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Person. indiuid. Difl Vol. 16, No. 2, pp. 289-296, 1994 Copyright 0 1994 Elsevier Science Ltd Printed in Great Britain. All rights reserved 0191-8869194 $6.00 + 0.00
SEEKING: A NEW CONCEPTUALIZATION AND A NEW SCALE
of Human Development Missouri-Columbia,
and Family Columbia,
Studies, 31 Stanley Hall, University MO 65211, U.S.A.
(Received 6 January 1993) Summary-A new conception of sensation seeking is presented, along with a new scale [the Arnert Inventory of Sensarion Seeking (AI.!%)]. The new conception emphasizes novelty and intensity as the two components of sensation seeking. Two studies were conducted to validate the new scale. In the first study, the AISS was found to be more strongly related to risk behavior than Zuckerman’s Sensation Seeking Scale (SSS) among 116 adolescents aged 1618 years, although the new scale contains no items related to risk behavior (in contrast to the SSS). In the second study, involving 139 adolescents, similar relations were found between the AISS and risk behavior, and the new scale was also found to be significantly correlated with the Aggression subscale of the California Psychological Inventory (CPI). In addition, adults (N = 38) were found to be lower in sensation seeking than adolescents. In both studies, males were higher in sensation seeking than females.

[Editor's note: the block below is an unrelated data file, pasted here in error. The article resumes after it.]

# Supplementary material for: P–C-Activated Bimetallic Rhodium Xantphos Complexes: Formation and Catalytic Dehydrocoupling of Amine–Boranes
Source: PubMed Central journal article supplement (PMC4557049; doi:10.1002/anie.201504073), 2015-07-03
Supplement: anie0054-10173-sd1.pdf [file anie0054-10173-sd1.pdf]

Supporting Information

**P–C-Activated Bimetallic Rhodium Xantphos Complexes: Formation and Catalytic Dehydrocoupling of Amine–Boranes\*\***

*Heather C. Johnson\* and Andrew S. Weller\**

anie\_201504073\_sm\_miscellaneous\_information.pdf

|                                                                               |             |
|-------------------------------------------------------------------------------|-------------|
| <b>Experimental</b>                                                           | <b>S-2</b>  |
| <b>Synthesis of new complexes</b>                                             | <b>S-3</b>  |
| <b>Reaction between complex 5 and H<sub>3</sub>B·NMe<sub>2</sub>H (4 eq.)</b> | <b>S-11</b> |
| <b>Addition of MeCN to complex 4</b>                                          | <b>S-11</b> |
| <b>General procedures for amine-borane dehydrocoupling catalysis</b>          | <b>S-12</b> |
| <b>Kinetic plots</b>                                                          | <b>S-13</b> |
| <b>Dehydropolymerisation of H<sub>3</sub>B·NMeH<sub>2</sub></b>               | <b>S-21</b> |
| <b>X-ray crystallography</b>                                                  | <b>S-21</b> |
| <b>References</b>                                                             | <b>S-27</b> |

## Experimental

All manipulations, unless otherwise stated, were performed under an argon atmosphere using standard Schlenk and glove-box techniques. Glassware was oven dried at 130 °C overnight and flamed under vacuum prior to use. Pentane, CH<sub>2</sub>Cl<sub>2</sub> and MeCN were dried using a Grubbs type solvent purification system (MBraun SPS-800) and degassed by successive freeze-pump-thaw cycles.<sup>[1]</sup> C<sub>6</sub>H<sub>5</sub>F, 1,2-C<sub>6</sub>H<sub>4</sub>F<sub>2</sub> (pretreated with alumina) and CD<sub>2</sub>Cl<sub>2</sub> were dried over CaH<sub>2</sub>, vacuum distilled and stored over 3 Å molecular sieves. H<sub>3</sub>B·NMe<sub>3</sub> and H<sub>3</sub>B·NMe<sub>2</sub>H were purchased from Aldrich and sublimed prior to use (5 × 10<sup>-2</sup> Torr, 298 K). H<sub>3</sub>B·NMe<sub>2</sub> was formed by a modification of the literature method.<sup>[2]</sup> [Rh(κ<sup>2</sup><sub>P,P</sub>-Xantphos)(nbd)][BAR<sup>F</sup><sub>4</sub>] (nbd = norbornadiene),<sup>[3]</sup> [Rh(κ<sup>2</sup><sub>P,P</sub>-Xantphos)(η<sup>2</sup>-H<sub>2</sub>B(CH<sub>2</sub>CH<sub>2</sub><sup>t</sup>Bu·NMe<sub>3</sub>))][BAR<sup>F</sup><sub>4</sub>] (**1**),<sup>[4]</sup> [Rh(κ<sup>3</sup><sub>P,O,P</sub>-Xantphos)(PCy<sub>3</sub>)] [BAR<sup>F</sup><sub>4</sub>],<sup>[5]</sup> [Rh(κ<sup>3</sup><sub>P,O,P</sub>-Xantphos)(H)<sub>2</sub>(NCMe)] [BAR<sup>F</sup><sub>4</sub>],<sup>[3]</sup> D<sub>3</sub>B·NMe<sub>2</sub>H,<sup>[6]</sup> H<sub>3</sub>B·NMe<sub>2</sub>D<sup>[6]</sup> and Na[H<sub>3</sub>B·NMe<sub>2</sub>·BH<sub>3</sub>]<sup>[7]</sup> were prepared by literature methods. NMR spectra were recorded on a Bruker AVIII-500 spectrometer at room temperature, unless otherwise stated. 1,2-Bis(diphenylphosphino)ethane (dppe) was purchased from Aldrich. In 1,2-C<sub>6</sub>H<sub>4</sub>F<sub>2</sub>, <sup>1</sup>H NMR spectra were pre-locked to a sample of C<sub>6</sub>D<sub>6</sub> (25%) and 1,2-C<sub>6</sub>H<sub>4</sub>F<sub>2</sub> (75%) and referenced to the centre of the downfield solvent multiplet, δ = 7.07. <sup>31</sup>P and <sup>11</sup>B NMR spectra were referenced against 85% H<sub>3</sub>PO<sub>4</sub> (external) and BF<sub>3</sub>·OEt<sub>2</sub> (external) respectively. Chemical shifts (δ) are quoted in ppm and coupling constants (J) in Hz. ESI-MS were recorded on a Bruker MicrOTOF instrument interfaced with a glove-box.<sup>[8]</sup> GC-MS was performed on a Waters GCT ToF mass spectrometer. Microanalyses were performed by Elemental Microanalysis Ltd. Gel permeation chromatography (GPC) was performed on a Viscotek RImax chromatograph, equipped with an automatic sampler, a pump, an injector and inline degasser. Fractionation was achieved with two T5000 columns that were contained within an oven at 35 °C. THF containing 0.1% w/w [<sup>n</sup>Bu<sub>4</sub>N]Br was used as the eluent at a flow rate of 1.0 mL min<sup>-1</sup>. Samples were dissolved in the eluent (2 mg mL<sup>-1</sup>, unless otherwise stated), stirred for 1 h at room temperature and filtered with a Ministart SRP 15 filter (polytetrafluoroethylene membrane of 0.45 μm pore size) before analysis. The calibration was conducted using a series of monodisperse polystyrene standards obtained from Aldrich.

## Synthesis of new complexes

The concept of sensation seeking developed by Zuckerman and others (Zuckerman, 1979, 1984a, 1990; Zuckerman, Eysenck & Eysenck, 1978) has attracted considerable research attention since its original development. Described as “the need for varied, novel, and complex sensations and experiences, and the willingness to take physical and social risks for the sake of such experiences” (Zuckerman, 1979, p. lo), sensation seeking has been applied especially in relation to risk behavior. It has been reported to be related to dangerous driving practices (Zuckerman 8z Neeb, 1980; Arnett, 1990), variety of sexual experiences (Zuckerman, Tushup & Finner, 1976), alcohol use (Schwarz, Burkhart & Green, 1978), drug use (Satinder & Black, 1984), and minor criminality (Perez & Torrubia, 1985). The biological basis of sensation seeking has been another area of considerable research (Zuckerman, 1984a). Sensation seeking has been found to be related to augmenting (as opposed to reducing) neurological responses (Lukas, 1987) lower platelet monamine oxidase (MAO) levels (Schooler, Zahn, Murphy & Buchsbaum, 1978), and higher testosterone levels (Daitzman, Zuckerman, Sammelwitz & Ganjam, 1978). Virtually all of the recent research conducted in the area of sensation seeking has used the Sensation Seeking Scale, Form V (Zuckerman et al., 1978). The widespread use of the scale indicates that many researchers have found the measure to be valid and useful. However, there are certain limitations of conception and form in this scale which limit the conclusions that can be drawn from studies in which it has been used. First, a ‘forced choice’ format is used in the scale, which may be frustrating and perplexing to respondents who feel that both (or neither) of the choices apply to them. Second, several items concern strenuous physical activities such as skiing or mountain climbing, which calls into question the assumption that age differences in responses actually indicate age differences in sensation seeking, rather than age differences in physical strength and endurance. Third, words used in some items are dated (‘hippies’, ‘jet set’, ‘queer’), reflecting the idioms of the late-1960s to early-1970s period when the scale was first developed. Fourth, and perhaps most seriously, the scale contains numerous items on alcohol use, drug use, and sexual behavior-precisely the types of behavior studied in many of the studies which have employed the measure. This is a serious confounding factor, and casts doubt on the nature of the relationship between these types of behavior and sensation seeking. It suggests that a reported relation between sensation seeking and these types of behavior may be no more than a relation between questions about these types of behavior on the Sensation Seeking Scale, and other, similar questions about these types of behavior. In a more recent version of the scale (Form VI; Zuckerman, 1984b), the items were no longer in the forced-choice format, but the scale was constructed with even more potentially confounding items than Form V. In recent research,